Four, the administration's highly effective effort to control the message. This is a Unified Command event, the first Spill of National Significance since the Oil Pollution Act of 1990 (following ExxonValdez) set the pattern for how spills will be managed. All agencies come together to work in Unified Command. The Responsible Party (not the one liable, nor the one who caused the problem, but the owner of the oil is designated the RP) is a voting member of Unified Command and operates the response under the full and complete authority of the response agencies--which include the US Coast Guard, Minerals Management Service, the EPA and about 50 plus other agencies. It is Unified Command working in concert with BP who have been making all final decisions. What, you say, how can this be. How? It is the law, it is how it is supposed to work and how it actually is working. That means that Unified Command approves booming plans, skimming plans, in situ burning, the use of dispersants. But, BP is getting all the blame, yes. Why? Because that is what the political realities call for. I do not blame the administration. Looking back on Katrina and what happened to the Bush administration, this kind of response from the political leaders is fully expected and demanded. The media demands a scapegoat--the black hat has to reside somewhere. In Katrina it was solidly on FEMA (and therefore President Bush). Here, if it isn't on BP, then the likelihood it could and may fall on any and all agencies involved in the response. My frustration is that the media refuses to see this, to understand the law, to recognize that the billions of dollars to implement the National Incident Management System are threatened by the political realities.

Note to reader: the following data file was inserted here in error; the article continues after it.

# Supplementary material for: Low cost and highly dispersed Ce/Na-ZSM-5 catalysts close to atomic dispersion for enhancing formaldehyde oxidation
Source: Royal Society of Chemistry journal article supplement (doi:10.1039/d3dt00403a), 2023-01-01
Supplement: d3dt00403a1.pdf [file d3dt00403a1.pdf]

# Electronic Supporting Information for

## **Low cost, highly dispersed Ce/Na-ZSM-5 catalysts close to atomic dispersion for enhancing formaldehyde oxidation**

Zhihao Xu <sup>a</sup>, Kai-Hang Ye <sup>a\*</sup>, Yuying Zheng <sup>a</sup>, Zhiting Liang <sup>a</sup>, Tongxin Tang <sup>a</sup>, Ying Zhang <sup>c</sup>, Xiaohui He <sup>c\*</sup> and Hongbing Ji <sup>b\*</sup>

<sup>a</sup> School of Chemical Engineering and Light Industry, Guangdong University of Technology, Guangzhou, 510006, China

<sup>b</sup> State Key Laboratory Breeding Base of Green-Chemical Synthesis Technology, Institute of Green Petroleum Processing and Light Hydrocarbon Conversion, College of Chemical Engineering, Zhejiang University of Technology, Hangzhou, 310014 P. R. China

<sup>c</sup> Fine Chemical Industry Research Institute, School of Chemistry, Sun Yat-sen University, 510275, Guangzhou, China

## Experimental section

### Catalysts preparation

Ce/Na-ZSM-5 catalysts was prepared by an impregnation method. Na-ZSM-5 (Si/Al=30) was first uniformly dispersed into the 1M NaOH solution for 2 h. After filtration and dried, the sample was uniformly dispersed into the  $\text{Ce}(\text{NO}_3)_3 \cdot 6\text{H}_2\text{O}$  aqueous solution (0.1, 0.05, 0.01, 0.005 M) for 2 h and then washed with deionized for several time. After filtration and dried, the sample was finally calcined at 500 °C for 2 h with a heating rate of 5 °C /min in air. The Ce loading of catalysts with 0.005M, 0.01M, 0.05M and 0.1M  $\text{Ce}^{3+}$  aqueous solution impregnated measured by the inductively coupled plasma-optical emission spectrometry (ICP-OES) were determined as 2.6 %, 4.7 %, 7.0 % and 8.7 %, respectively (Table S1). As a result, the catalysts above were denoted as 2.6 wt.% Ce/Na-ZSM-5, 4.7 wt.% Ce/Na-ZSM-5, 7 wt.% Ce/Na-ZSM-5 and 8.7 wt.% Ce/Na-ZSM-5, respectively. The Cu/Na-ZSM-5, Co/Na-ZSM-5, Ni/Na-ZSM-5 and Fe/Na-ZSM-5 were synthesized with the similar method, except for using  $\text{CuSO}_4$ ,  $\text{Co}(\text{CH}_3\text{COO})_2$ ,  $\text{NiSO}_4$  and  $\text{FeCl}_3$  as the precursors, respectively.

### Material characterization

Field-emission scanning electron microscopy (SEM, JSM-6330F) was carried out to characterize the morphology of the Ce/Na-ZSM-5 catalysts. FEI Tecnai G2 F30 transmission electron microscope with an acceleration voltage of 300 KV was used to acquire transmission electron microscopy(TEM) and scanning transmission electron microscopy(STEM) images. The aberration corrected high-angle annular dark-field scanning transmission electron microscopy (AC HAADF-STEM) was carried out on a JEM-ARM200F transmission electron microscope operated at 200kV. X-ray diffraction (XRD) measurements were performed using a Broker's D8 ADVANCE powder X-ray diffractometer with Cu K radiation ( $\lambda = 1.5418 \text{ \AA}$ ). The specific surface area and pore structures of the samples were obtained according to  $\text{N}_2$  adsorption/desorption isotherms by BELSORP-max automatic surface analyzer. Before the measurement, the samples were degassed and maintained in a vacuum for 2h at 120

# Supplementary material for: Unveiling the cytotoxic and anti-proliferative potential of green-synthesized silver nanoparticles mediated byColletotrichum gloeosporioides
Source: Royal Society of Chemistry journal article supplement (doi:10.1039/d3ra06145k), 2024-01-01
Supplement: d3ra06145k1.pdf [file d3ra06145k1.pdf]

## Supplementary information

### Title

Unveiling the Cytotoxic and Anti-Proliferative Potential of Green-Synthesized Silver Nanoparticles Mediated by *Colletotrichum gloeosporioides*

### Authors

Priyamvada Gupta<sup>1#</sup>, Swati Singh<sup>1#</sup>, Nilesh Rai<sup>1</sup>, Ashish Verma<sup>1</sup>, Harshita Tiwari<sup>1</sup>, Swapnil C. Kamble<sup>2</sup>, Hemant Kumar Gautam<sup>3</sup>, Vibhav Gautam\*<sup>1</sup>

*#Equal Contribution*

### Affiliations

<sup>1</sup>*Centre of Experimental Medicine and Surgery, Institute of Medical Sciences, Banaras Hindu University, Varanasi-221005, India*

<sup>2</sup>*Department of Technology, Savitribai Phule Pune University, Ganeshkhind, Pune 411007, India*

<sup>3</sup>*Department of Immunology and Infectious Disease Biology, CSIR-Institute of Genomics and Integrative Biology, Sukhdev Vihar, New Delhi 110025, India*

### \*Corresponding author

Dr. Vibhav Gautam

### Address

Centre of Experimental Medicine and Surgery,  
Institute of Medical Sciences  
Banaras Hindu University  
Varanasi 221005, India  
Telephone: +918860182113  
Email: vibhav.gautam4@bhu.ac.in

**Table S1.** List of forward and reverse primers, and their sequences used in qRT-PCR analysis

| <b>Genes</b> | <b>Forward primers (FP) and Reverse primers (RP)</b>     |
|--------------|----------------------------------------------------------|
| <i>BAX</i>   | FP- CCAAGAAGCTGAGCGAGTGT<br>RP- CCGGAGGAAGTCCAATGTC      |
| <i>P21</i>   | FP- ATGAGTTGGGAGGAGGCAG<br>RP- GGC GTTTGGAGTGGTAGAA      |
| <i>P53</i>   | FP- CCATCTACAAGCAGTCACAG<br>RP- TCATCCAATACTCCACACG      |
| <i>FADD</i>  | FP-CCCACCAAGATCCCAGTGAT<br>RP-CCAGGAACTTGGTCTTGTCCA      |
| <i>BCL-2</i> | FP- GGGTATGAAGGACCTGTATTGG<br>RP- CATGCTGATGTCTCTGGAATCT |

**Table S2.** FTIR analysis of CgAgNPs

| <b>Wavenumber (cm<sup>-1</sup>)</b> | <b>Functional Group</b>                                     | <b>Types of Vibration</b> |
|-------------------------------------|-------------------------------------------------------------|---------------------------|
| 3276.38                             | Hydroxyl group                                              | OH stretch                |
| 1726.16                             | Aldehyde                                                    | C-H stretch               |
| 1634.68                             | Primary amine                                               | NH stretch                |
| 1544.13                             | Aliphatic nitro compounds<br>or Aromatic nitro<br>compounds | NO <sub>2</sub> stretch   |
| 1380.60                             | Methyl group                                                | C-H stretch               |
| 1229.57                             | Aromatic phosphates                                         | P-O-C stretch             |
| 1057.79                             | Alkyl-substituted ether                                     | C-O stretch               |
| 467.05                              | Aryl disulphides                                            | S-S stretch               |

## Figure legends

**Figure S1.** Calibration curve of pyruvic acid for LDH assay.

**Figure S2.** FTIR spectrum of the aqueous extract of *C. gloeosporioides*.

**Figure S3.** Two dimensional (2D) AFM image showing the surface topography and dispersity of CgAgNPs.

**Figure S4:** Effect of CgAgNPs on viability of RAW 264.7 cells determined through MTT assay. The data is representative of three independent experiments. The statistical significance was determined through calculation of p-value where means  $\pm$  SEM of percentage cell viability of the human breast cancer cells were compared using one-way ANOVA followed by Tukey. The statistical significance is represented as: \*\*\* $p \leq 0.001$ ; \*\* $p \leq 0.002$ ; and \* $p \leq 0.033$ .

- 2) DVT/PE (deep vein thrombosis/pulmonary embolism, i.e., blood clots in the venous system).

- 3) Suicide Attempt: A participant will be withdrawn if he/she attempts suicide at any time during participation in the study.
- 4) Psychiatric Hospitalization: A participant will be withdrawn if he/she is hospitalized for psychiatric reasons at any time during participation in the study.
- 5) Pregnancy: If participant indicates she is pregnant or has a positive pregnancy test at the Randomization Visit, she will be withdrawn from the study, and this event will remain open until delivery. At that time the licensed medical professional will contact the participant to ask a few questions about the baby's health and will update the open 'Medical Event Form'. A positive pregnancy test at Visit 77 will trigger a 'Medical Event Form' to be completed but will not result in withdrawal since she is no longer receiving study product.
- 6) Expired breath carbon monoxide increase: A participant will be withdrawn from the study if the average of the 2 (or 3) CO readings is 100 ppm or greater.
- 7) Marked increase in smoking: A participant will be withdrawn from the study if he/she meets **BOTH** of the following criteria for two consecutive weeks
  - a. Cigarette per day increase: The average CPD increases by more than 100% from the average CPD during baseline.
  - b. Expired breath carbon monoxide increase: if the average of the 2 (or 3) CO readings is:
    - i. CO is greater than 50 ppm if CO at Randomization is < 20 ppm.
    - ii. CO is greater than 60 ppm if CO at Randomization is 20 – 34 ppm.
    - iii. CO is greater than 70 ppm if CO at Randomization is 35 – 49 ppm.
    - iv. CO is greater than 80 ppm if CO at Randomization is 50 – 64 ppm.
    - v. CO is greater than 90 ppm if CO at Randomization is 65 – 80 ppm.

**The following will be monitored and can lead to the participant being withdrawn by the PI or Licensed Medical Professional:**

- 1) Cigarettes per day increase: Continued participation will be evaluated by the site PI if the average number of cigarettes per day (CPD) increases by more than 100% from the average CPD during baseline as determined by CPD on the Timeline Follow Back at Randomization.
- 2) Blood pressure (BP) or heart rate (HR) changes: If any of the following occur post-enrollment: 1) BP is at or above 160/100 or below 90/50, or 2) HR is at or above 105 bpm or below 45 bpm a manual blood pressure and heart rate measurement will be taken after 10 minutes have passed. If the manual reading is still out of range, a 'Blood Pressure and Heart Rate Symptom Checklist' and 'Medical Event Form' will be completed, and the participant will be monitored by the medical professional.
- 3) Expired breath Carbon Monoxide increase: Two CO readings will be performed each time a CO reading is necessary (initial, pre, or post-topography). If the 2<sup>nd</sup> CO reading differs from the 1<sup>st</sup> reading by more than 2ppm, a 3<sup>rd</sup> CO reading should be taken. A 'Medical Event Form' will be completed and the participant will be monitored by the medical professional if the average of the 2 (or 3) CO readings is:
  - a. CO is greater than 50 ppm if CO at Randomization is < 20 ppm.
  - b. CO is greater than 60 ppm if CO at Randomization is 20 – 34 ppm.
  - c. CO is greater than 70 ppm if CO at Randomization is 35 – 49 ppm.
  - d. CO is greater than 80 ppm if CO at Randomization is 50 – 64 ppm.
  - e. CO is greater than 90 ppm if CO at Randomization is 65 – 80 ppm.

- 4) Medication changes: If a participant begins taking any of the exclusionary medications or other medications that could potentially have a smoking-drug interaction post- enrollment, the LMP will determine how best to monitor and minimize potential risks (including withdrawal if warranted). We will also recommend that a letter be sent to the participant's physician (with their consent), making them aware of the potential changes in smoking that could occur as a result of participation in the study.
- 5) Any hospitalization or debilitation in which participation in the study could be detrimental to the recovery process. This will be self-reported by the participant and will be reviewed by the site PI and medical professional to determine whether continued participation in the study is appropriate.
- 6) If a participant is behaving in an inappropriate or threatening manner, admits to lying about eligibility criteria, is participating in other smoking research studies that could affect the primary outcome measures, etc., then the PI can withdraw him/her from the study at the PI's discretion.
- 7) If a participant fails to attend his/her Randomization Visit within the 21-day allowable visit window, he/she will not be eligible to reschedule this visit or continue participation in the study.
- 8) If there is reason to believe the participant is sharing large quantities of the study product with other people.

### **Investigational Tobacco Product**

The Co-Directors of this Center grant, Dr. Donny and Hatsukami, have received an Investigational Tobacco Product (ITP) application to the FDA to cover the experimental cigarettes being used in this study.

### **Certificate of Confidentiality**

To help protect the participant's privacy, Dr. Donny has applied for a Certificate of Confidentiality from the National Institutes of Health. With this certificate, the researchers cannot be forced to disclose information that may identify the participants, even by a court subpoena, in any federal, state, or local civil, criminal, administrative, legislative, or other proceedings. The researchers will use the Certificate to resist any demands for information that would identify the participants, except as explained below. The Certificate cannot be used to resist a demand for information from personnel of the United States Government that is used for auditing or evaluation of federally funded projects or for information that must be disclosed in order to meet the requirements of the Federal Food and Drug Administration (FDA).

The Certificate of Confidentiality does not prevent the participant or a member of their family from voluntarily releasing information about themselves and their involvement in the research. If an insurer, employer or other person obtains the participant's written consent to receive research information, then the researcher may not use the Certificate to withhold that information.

The upshot is the situation we have. A group of people (and I know a number of them on both the federal agency side as well as BP) who are doing an incredible job, sacrificing their work, their family time, and in some cases their careers to step into this and do all they can. They are being bashed, trashed and abused. The situation is incredibly horrible and we are all heartsick at the fact that this occurred and also heartsick about what this will likely do to our nation for a long time to come. But, I just wish the public would have a deeper understanding of how this blame game is played, how the politics play out, how the media abuses us all for their purposes, and the high price we all have to pay for these realities. In the meantime, those working on the response should be strongly encouraged to continue doing their best. We need them and their very best work. My thoughts and prayers with all of them and communities and families so deeply hurt by this horrible circumstance.